A Day in the Life of a Dog Volunteer
While I’ve spent a bit of time volunteering with dogs for the Mayhew Animal Home in London, this mainly involved helping out at events, writing some articles for their magazine and co-publishing a book of short stories to raise money for the shelter. I never seemed to actually spend much time with the animals so I was looking forward to getting some more hands-on experience during my week at the Dog Rescue Project.
The average working day turned out to be a lot more intense than I’d anticipated though; that’s not to say that the work wasn’t fun or worthwhile – we both got a huge amount out of the experience – but it could also be pretty dirty, hectic, exhausting and in some cases, emotionally draining. Alongside the regular daily schedule, emergencies would often arise. One day a dog was rushed in from one of the local villages with an infected machete wound and later died. The next day a tiny puppy, just a few weeks old was brought in after her mother had been killed in a motorcycle accident, her sister was discovered the next day suffering from a maggot-invested wound which later turned septic – an especially heart-rending experience for Maggie, one of the volunteers who cared for and hand-fed the pup day and night (update: we’ve heard from Maggie that the puppy, Bekka, has had surgery and is doing remarkably well now). Here’s our typical daily schedule:
breakfast with the other volunteers and staff at the main platform; we’d often be surrounded by elephants, buffalos and dogs as we ate against a backdrop of spectacular Thai countryside and mountains.
8am – 10.30am
Although Thai mahouts are employed to clean, feed and manage the majority of the open dog runs, volunteers are responsible for looking after around 30 to 35 clinic dogs. We’d start by walking the dogs that had been stuck in cages all night; many of which were sick or bandaged from surgery while others had infectious warts and needed to be kept separate from the other animals. Walking often involved cajoling the more nervous dogs out and lifting and carrying the injured animals, which Andrew was especially useful for. While the dogs were being walked we also set to work cleaning their cages, feeding them and helping to distribute their meds. Two people would be responsible for cleaning Steel’s cage, a big marble-floored pen built so that Steel, whose back legs are paralysed, could easily slide around. One morning I was also sent over to help out at the dog runs over the road; this literally involved shovelling huge amounts of dog shit – did I mention the work could be pretty dirty?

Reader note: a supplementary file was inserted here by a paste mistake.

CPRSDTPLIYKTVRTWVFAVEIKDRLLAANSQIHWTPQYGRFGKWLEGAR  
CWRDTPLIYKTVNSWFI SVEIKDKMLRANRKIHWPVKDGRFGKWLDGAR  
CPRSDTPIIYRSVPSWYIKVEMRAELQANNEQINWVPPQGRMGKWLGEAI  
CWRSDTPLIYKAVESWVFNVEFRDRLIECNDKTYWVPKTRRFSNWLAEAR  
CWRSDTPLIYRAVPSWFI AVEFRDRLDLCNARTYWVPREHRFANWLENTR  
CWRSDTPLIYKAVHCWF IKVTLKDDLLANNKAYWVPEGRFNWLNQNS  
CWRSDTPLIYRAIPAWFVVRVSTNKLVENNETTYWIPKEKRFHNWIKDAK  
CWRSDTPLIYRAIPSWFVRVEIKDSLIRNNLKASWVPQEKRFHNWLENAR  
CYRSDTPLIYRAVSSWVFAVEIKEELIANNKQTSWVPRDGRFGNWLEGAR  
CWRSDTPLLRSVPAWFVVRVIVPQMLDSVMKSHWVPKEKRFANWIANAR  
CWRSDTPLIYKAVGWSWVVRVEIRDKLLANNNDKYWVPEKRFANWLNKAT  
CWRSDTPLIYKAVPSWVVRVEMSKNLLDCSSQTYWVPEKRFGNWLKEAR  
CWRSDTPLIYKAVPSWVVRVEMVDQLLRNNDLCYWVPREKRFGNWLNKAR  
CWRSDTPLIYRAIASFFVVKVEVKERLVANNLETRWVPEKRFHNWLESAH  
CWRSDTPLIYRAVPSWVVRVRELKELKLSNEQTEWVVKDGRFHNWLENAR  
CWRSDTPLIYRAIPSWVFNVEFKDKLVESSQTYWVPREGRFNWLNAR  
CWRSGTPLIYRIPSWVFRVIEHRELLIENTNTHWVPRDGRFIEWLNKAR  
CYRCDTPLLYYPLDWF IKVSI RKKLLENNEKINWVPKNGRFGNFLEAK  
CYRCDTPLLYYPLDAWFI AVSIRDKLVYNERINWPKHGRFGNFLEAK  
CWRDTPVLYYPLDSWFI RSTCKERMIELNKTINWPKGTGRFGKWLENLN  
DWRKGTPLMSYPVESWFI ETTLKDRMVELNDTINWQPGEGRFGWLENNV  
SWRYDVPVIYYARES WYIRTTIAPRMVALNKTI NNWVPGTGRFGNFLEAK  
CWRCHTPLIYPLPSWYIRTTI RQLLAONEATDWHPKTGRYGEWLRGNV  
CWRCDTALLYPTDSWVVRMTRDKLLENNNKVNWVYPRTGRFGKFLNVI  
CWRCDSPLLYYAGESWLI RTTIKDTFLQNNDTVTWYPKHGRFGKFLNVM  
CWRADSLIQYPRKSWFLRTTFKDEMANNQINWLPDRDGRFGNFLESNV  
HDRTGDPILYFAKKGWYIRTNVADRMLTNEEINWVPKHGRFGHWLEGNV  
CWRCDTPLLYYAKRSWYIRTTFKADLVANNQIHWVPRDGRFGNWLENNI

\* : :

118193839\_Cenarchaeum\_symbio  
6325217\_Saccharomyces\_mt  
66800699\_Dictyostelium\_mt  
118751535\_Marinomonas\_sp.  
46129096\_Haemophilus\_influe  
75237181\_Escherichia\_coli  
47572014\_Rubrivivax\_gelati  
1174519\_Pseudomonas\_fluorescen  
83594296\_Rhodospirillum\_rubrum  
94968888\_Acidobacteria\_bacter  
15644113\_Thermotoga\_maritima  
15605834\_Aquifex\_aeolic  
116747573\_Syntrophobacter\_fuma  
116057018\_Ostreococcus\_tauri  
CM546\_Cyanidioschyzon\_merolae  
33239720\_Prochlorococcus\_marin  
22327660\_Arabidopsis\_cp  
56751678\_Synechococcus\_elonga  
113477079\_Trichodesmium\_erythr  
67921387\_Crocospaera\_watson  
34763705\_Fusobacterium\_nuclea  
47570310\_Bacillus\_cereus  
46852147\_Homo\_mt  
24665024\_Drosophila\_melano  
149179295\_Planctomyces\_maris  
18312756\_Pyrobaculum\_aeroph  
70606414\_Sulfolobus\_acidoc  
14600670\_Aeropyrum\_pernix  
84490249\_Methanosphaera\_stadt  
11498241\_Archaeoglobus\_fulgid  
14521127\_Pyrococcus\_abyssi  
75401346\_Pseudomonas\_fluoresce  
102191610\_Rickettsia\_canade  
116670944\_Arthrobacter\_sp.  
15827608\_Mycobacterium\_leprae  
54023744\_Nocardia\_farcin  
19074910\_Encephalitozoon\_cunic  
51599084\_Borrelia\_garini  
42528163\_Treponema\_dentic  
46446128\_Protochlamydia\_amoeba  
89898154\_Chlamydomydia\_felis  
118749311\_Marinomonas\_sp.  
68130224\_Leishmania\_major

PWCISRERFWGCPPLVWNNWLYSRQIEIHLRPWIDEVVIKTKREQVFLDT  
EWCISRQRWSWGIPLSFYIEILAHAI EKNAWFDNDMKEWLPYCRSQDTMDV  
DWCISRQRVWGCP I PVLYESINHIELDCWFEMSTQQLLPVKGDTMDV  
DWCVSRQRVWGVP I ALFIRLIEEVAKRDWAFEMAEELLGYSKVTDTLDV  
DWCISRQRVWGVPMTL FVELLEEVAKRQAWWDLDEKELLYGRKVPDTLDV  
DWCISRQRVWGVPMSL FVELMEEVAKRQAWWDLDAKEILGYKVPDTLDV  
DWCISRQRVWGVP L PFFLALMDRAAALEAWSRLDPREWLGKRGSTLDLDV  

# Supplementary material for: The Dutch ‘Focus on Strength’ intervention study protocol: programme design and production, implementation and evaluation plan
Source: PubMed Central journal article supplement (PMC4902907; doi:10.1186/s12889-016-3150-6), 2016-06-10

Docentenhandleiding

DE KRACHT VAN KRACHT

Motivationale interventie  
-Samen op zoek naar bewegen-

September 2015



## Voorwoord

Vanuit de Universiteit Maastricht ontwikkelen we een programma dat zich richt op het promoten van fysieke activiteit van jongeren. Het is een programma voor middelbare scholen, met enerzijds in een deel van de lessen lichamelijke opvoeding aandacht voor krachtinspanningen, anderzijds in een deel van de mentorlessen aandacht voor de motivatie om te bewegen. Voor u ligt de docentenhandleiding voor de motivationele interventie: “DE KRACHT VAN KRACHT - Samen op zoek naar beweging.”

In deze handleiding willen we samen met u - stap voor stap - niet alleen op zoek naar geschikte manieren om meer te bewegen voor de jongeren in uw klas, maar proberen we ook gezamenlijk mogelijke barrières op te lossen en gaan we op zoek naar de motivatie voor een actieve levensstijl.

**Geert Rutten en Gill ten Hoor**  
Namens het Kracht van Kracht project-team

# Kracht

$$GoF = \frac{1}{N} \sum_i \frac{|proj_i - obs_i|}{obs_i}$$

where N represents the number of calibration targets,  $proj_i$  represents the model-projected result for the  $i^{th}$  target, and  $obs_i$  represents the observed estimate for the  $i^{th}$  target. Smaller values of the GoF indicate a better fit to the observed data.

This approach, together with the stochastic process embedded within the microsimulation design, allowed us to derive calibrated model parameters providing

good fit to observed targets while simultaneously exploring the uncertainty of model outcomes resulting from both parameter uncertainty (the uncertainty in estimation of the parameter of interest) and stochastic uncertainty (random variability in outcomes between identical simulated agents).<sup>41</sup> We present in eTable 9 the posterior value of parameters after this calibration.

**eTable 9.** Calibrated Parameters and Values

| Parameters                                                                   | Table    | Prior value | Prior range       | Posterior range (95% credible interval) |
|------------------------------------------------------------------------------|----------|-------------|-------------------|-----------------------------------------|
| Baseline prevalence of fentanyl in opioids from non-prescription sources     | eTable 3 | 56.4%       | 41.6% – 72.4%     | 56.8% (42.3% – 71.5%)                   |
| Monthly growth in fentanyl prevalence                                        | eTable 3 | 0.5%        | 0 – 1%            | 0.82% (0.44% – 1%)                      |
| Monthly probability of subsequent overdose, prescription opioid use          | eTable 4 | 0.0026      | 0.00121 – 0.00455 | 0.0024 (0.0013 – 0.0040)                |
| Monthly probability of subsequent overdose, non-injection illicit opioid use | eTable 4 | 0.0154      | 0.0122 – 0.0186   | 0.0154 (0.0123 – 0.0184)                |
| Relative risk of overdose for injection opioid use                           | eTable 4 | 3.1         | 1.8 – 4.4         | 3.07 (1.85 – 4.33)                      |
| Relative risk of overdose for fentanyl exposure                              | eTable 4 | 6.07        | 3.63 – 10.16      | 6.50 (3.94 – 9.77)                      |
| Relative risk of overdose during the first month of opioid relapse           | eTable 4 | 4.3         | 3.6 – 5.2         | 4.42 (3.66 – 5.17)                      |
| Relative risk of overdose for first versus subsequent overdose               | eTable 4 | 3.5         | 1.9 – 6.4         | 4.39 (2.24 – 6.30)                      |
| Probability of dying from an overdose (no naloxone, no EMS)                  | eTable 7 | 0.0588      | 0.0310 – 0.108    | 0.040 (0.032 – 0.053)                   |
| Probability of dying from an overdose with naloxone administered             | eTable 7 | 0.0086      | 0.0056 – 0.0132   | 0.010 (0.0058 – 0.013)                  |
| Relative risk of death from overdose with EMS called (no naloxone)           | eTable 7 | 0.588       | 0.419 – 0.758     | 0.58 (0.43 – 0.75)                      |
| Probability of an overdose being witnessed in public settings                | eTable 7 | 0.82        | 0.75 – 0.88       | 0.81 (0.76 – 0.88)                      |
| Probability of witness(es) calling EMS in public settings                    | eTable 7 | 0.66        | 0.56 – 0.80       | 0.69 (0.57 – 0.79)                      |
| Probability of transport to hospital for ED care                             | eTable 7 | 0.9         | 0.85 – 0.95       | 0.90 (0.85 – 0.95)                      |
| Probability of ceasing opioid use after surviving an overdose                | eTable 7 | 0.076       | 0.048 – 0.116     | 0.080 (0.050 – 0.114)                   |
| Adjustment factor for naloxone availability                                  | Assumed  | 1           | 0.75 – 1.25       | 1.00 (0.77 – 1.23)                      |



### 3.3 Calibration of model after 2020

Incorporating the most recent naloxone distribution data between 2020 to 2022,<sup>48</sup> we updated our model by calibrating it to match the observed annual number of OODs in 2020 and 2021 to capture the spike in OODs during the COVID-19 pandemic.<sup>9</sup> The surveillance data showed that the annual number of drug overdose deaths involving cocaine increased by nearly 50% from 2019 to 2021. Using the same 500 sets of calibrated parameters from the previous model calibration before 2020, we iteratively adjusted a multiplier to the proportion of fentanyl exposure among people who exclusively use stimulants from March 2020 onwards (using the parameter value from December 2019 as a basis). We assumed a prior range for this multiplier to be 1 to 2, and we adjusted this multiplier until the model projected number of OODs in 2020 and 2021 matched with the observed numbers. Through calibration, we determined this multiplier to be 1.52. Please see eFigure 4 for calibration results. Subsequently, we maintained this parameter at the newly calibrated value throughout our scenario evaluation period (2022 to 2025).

10.30 – 11.30am
Once the immediate tasks were taken care of there would usually be other projects to work on; bleaching areas where contagious animals had been housed, bathing and de-ticking dogs, helping with office tasks or just generally socialising with the dogs.
11.30 – 1pm
Lunch at the platform and a chance to rest.
1 – 2pm
Once again we’d walk the caged animals and take care of any cleaning that needed to be done.
2 – 3.30pm